First, I look at the transition from the rudimentary 1960s identity politics representational practice on original Star Trek to the neoliberal “multicultural” politics and casting decisions of Star Trek: The Next Generation.   While it is easy to simply say both practices are flawed, I want to look more deeply at what each approach (both of them rooted in liberal-humanism) challenges and reifies.  Second, I analyze the use of Cardassians and Bajorans on Next Generation and Star Trek: Deep Space Nine as an allegory for the colonial conflict occurring in Palestine/Israel.  This analysis serves two main purposes: first, to exemplify how stories can be utilized to call attention to gaps in hegemonic knowledge, and second, to point to the way stories can provide a forum for discussions that are shut down in the real world.  Finally, the over-arching argument I am building is that these works matter because before something can be done, it must first be imagined.  And the spaces of our imaginings show us (the viewers and imaginers) the futures that we are collectively working to build (and social justice activists where we might, or must, intervene).  My work here is an effort to critically analyze the imaginings of my chosen texts, to deconstruct some of their messages and to ask how fan-scholar-activists might use those messages towards ever-better social justice work.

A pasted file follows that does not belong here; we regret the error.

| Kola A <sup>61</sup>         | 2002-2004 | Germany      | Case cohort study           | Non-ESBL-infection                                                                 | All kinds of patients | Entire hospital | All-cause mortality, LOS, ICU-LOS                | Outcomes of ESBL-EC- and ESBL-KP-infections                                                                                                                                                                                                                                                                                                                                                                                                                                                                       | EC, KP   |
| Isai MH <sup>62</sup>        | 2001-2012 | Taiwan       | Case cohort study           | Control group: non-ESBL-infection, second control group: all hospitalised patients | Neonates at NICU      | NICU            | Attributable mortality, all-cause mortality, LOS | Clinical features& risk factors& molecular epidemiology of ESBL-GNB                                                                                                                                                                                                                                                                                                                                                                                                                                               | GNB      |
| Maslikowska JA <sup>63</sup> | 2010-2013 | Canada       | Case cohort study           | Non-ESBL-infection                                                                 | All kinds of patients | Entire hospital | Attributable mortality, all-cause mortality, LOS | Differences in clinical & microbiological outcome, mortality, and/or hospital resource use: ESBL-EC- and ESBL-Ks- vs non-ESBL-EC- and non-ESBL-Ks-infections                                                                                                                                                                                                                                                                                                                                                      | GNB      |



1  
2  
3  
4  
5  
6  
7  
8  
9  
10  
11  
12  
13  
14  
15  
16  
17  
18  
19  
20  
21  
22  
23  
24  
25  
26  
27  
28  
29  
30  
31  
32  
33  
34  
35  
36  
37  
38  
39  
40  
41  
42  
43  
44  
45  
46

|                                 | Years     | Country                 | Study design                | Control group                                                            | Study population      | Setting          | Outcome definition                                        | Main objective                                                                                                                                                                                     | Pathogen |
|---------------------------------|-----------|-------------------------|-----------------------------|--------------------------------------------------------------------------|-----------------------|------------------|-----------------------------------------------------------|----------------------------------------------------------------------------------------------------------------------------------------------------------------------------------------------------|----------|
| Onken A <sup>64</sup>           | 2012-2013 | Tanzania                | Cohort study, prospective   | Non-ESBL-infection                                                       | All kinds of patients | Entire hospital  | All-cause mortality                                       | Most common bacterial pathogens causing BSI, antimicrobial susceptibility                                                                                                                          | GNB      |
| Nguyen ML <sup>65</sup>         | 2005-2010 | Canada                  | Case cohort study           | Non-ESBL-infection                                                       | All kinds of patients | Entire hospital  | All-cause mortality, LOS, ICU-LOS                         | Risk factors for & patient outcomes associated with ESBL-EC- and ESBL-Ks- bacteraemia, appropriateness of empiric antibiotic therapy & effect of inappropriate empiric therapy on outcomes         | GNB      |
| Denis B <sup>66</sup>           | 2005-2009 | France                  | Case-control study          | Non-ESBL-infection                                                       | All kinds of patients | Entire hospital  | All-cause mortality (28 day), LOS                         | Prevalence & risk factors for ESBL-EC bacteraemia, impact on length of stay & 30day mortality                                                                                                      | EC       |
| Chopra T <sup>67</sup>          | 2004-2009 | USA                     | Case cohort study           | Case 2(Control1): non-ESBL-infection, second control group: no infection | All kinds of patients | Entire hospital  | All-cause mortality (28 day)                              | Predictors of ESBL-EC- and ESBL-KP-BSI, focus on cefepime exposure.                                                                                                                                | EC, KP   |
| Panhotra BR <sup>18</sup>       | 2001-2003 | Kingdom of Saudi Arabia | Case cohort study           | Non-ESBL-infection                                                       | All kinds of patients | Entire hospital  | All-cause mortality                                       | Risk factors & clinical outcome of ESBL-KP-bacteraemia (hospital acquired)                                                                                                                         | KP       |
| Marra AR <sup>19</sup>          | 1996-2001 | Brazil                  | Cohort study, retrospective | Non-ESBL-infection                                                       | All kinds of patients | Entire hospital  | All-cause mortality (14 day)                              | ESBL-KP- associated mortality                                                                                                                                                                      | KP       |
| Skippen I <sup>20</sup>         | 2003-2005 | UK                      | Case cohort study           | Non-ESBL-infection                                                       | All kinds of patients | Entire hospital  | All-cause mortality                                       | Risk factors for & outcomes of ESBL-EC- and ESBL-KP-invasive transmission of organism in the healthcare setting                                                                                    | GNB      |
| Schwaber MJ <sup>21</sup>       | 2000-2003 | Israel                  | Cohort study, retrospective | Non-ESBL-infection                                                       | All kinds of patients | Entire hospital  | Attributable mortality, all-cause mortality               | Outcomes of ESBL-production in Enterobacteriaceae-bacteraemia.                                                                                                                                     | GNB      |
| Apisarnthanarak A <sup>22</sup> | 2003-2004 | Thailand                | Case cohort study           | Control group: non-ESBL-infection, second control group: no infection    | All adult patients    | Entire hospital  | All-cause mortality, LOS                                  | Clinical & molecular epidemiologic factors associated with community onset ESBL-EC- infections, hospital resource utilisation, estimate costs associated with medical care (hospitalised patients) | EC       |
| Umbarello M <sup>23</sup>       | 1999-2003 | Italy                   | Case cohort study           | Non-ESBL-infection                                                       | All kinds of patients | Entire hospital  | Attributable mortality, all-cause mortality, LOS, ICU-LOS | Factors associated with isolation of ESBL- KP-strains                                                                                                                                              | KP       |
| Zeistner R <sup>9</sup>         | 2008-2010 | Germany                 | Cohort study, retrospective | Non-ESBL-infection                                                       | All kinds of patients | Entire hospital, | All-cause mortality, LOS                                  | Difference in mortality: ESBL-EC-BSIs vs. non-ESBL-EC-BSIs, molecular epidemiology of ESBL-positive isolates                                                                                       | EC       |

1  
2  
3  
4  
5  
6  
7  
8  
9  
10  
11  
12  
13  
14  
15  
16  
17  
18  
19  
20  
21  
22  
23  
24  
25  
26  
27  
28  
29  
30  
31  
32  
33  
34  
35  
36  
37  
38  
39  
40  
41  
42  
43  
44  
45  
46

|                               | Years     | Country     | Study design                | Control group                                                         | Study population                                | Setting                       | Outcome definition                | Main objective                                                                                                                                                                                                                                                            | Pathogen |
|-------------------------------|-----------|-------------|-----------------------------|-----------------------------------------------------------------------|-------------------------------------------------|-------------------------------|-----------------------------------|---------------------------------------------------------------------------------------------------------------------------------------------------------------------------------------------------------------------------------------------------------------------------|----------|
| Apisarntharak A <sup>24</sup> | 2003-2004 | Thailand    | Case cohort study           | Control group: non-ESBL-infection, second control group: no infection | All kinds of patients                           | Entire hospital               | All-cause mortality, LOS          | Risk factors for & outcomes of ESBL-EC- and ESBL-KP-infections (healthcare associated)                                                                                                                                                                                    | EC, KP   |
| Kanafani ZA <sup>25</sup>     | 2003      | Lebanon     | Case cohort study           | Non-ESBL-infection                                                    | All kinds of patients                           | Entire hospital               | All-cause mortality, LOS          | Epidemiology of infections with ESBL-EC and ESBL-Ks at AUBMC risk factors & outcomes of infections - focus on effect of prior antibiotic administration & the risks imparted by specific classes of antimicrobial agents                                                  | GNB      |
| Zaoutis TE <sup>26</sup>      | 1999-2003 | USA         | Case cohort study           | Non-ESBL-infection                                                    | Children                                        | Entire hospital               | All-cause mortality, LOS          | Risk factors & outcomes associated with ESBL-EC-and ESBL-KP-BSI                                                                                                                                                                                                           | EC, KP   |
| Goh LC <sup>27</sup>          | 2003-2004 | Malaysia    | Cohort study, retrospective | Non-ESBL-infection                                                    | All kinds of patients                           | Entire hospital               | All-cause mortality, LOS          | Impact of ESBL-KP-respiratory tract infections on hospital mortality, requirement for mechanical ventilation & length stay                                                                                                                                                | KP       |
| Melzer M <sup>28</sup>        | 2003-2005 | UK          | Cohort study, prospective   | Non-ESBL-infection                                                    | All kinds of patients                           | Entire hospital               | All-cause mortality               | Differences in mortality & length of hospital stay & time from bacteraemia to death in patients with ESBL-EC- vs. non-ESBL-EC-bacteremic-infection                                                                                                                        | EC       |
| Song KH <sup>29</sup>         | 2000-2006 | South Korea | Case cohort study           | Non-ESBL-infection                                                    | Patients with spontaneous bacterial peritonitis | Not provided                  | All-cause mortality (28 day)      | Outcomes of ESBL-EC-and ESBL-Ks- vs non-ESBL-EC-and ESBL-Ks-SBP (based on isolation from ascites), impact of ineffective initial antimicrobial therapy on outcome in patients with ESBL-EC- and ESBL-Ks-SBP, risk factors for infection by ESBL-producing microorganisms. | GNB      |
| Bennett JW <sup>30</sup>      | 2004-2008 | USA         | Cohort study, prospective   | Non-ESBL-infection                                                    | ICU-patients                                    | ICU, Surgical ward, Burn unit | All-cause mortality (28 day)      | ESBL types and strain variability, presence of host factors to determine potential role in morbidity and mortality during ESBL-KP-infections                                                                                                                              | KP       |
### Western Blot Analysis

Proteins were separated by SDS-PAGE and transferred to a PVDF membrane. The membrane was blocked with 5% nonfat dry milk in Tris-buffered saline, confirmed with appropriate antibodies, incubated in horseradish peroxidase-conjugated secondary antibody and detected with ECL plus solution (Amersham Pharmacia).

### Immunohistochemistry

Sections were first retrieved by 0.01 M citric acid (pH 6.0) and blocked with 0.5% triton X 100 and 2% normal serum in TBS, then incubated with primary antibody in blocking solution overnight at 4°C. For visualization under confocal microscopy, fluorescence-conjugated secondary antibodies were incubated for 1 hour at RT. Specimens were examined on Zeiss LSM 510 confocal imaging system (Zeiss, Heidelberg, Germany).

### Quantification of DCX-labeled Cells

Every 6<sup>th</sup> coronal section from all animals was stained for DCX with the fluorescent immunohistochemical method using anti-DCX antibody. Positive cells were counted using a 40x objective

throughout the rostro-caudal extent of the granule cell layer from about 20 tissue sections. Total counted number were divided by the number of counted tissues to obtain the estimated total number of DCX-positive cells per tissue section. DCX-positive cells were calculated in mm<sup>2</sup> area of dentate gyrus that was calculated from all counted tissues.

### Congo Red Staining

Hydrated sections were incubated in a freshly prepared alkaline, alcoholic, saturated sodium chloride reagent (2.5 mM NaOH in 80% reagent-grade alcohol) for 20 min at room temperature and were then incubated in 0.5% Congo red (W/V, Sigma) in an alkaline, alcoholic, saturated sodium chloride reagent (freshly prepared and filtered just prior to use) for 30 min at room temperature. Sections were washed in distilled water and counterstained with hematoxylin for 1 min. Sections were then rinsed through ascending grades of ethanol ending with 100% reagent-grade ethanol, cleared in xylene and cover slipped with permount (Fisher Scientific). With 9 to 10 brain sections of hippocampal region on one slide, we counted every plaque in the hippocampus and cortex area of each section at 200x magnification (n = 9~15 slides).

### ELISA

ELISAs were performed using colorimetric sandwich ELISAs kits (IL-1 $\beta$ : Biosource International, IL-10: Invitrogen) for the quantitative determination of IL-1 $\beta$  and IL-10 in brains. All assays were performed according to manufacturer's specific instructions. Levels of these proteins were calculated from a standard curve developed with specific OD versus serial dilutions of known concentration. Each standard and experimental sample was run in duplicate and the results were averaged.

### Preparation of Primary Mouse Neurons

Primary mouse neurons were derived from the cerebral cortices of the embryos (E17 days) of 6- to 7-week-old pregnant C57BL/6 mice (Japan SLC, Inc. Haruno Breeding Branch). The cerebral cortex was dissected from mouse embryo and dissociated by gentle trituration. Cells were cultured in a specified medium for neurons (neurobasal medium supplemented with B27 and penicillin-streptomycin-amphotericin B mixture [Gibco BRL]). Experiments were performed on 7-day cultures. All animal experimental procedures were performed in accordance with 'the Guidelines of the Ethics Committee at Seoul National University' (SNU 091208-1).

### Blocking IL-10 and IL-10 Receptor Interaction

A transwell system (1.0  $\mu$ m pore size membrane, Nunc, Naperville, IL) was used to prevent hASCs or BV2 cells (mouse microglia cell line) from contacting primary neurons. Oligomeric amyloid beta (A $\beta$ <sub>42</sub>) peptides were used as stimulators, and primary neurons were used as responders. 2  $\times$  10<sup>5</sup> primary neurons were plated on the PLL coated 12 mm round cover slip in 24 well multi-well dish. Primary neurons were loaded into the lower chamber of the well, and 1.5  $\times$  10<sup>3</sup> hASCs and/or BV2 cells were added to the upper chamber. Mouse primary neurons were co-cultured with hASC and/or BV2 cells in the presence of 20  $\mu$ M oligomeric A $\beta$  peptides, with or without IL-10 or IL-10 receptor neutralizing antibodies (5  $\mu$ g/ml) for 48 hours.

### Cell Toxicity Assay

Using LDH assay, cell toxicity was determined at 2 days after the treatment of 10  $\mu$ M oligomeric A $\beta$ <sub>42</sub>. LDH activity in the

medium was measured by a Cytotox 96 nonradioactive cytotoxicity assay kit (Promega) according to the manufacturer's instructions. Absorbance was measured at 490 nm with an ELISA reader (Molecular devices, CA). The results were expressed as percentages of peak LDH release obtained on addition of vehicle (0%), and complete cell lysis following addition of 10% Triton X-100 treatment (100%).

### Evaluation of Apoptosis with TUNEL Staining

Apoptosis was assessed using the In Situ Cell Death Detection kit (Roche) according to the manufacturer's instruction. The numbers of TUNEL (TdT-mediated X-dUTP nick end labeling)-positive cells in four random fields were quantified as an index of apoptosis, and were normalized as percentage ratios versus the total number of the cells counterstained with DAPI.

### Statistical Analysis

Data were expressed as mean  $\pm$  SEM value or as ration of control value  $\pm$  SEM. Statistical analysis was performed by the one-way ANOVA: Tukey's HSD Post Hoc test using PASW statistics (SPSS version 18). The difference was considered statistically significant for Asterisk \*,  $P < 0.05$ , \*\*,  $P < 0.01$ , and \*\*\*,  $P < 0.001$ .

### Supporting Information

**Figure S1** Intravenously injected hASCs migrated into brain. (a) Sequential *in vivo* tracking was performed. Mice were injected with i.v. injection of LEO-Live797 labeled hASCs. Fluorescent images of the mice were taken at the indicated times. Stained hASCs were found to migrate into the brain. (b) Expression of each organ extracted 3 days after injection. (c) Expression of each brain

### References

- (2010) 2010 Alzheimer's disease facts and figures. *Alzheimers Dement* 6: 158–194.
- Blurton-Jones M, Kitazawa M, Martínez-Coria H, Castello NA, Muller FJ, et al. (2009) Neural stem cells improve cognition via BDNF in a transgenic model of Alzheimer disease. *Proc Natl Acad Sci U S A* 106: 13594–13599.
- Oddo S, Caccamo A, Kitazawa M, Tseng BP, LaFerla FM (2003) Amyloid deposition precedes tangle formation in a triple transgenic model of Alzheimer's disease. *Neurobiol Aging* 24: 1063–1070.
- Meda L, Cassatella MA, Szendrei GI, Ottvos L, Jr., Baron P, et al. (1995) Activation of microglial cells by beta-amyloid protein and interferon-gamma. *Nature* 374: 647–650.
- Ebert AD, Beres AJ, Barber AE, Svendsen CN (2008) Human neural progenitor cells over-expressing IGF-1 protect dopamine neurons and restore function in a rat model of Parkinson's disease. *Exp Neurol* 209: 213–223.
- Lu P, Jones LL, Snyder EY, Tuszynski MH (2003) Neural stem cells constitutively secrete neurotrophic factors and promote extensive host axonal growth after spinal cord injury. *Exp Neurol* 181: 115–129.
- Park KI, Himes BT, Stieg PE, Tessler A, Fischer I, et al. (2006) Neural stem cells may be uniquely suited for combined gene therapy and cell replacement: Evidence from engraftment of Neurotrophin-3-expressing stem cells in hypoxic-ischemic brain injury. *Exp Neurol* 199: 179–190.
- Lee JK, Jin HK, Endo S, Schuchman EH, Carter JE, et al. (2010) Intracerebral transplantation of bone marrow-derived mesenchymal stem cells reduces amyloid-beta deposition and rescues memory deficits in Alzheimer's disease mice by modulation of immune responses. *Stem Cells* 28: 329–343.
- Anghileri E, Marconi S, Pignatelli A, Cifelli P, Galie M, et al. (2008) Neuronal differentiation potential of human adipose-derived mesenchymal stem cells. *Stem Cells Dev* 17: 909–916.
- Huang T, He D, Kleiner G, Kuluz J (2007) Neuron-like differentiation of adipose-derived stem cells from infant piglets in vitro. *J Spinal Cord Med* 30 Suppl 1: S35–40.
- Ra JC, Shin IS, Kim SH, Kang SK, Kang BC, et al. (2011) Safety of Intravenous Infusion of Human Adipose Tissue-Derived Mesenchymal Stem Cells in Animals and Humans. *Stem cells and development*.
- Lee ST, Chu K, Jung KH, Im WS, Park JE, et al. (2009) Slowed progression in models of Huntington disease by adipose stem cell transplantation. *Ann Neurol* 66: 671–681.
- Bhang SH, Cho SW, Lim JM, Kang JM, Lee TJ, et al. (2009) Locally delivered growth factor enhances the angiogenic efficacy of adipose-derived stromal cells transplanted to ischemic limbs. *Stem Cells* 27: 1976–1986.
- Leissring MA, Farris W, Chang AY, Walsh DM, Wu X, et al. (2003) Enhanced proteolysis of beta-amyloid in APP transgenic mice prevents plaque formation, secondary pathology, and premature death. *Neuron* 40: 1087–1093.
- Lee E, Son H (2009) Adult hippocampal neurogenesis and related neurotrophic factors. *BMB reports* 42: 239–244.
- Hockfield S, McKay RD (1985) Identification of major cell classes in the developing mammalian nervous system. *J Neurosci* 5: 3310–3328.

Friday, June 15, 2012

Imagining Social Justice Through Sci-Fi TV: From "Trek" to "Torchwood" (Part Two: Reviewing the Literature)

See part one of this series: HERE


“We need to imagine living elsewhere 
before we can live there” (Gordon 4).

Science fiction (across its various articulations in literature, film, television, etc.) has long been about imagining potential futures or alternate presents, and as such sci-fi offers a framework of imagination within which ideas of social justice are potentially able to flourish.  For example, many writers have envisioned their own utopias, or warned their home societies against foreseeable dystopias.  In doing so, these writers do the work of imagining how people of their current age might build better (or more terrible) worlds.  Fandom then takes these stories and reworks/repurposes them, engaging with and stretching the ideas contained within into something that applies to and/or interrogates our lived realities.  I have been a part of this process in some way for most of my life, and the personal and intellectual work I have done within those arenas has been both rewarding and trying.  I extend that work now into the academic realm, hoping to make a worthwhile contribution to studies of television, science fiction, social justice, gender, race and sexuality.